Vacation policies are intended to be used for the specific purpose of vacation or leisure time, and employers who offer vacation time generally offer sick leave as well. The alternative to having two separate benefits is a singular Paid Time Off (PTO) benefit, which may be used for any purpose the employee chooses.
Some states consider vacation and PTO (but not sick leave) to be accrued wages. Consequently, those states require payout of unused vacation and PTO at termination and have rules limiting use-it-or-lose-it policies. For example, an employee who resigns with three sick days and three vacation days would only have to be paid for the three vacation days. If the same employee resigned with six days of PTO remaining, they would need to be paid for all six.
If you are in a state, county, or city that requires employers to offer paid sick leave and you decide to offer a PTO plan instead, it is critical that you ensure the plan meets all the requirements of the mandatory sick leave law or ordinance. These requirements usually include letting employees use their time in small increments (e.g. one or two hours), ensuring that they accrue PTO fast enough, and allowing carryover into a new year. If you’re in one of these areas, you’ll definitely want to take a close look at the law or ordinance to ensure your PTO program is compliant.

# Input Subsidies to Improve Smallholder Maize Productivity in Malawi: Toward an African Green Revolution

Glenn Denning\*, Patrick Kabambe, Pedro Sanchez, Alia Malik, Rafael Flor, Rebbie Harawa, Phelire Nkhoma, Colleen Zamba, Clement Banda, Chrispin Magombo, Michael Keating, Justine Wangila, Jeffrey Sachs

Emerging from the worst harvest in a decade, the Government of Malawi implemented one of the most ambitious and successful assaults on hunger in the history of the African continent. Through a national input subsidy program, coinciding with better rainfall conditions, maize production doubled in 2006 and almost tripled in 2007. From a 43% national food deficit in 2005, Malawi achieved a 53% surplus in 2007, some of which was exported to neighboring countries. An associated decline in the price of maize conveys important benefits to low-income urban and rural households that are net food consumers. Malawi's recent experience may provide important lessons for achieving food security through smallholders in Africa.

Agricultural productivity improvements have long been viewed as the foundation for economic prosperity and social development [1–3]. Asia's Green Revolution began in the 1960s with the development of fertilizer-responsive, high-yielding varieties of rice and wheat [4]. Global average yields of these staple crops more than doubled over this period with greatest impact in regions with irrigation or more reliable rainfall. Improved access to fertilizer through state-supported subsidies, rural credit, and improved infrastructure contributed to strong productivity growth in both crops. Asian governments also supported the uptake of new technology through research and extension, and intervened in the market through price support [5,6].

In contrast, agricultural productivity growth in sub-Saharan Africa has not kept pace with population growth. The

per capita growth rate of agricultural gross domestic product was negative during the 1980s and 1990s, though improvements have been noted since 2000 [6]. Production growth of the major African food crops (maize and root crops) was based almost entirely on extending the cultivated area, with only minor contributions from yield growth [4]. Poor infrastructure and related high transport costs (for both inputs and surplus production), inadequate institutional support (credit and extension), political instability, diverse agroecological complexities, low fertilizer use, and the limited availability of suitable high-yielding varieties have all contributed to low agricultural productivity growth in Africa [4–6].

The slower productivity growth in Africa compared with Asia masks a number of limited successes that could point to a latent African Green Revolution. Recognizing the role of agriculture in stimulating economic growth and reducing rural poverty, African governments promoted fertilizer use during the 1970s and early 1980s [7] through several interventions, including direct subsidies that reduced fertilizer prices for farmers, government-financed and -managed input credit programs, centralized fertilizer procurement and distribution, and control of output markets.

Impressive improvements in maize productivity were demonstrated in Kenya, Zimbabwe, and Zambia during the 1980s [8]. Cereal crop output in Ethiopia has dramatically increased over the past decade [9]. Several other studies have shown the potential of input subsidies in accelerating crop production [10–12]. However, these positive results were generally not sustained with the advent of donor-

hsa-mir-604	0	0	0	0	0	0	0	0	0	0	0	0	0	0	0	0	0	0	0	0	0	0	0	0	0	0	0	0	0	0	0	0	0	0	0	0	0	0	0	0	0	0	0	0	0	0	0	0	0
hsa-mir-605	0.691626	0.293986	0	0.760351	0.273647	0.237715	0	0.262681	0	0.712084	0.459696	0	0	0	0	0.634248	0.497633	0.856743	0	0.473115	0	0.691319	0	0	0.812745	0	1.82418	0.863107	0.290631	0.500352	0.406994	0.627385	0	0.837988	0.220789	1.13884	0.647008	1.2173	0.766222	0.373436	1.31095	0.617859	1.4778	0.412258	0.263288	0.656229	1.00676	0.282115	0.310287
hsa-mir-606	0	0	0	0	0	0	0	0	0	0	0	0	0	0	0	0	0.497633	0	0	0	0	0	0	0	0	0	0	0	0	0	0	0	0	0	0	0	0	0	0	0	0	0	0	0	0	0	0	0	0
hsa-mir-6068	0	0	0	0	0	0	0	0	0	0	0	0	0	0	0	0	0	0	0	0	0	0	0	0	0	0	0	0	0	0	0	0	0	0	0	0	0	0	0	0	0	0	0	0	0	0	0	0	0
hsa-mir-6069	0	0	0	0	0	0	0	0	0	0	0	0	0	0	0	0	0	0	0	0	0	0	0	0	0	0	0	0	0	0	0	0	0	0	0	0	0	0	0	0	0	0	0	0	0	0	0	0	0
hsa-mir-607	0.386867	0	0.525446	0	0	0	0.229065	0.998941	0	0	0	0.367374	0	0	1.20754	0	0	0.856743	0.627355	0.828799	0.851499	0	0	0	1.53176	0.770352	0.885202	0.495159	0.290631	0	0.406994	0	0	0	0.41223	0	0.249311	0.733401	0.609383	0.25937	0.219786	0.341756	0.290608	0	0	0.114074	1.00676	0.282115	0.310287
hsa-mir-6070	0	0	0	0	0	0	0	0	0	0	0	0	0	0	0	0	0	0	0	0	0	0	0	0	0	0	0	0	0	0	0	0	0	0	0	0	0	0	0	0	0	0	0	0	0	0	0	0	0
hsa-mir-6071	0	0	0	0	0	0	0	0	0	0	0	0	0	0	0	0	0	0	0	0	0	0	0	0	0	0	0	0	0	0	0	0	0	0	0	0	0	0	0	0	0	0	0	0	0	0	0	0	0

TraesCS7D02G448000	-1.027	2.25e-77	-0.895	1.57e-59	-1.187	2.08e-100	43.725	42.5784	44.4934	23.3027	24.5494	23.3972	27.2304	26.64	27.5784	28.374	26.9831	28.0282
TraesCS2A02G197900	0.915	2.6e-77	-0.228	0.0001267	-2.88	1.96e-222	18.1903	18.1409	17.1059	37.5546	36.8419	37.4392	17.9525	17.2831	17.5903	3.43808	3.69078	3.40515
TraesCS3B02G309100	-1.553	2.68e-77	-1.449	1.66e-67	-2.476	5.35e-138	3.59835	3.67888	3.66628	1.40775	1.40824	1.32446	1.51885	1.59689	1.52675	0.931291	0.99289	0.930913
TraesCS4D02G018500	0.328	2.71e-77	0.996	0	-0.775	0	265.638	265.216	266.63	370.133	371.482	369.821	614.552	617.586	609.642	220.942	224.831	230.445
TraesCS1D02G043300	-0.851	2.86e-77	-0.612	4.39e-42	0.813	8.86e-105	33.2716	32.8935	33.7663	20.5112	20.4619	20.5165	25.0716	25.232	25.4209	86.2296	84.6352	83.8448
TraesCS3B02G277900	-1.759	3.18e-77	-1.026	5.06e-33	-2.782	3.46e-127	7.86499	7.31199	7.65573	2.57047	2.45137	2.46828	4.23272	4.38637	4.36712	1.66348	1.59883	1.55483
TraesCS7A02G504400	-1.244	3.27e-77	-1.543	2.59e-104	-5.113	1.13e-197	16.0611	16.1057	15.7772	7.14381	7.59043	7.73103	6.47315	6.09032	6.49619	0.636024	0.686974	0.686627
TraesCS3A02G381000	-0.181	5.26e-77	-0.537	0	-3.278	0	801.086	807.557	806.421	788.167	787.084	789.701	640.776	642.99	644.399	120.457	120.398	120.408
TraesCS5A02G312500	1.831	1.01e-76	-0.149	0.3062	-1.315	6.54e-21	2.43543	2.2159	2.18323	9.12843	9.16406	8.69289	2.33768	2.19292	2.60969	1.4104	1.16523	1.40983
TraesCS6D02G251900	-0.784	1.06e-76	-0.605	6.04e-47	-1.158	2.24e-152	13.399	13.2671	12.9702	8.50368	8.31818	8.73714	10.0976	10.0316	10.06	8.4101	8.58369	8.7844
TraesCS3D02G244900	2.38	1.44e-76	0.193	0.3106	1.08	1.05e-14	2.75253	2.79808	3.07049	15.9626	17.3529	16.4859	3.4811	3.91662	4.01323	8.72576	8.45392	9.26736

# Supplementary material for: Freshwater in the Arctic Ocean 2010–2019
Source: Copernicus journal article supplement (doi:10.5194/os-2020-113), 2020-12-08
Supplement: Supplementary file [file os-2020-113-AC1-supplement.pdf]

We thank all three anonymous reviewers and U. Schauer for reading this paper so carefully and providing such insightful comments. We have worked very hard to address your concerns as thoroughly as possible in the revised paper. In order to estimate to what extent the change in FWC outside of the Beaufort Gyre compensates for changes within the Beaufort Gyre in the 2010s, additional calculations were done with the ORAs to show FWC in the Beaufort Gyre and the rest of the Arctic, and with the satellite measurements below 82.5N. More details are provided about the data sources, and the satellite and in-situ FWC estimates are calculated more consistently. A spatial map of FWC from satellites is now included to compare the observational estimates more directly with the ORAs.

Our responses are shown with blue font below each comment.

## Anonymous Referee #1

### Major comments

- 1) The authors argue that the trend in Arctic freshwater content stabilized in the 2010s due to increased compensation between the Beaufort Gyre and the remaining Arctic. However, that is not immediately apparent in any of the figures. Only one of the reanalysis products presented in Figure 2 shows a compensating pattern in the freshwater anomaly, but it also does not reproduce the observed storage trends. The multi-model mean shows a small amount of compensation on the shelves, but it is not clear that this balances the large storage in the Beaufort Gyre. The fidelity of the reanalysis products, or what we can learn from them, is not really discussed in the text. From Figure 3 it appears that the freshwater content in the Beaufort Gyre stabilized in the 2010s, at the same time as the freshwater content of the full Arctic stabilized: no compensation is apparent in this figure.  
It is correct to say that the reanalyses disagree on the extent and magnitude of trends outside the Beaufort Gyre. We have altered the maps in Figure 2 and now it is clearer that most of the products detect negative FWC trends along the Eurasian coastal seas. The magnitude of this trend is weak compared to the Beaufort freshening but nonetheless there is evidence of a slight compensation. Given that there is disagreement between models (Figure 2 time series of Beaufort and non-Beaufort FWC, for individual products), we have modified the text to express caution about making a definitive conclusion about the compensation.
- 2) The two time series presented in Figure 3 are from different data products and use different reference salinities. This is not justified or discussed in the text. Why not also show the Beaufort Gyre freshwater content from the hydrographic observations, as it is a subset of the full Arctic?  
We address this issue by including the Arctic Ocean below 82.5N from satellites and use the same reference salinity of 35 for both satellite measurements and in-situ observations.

Regardless of which benefits you choose to offer, you’ll want to make sure they are clearly articulated in writing and that all employees are made aware of what is available and how the policy or policies operate.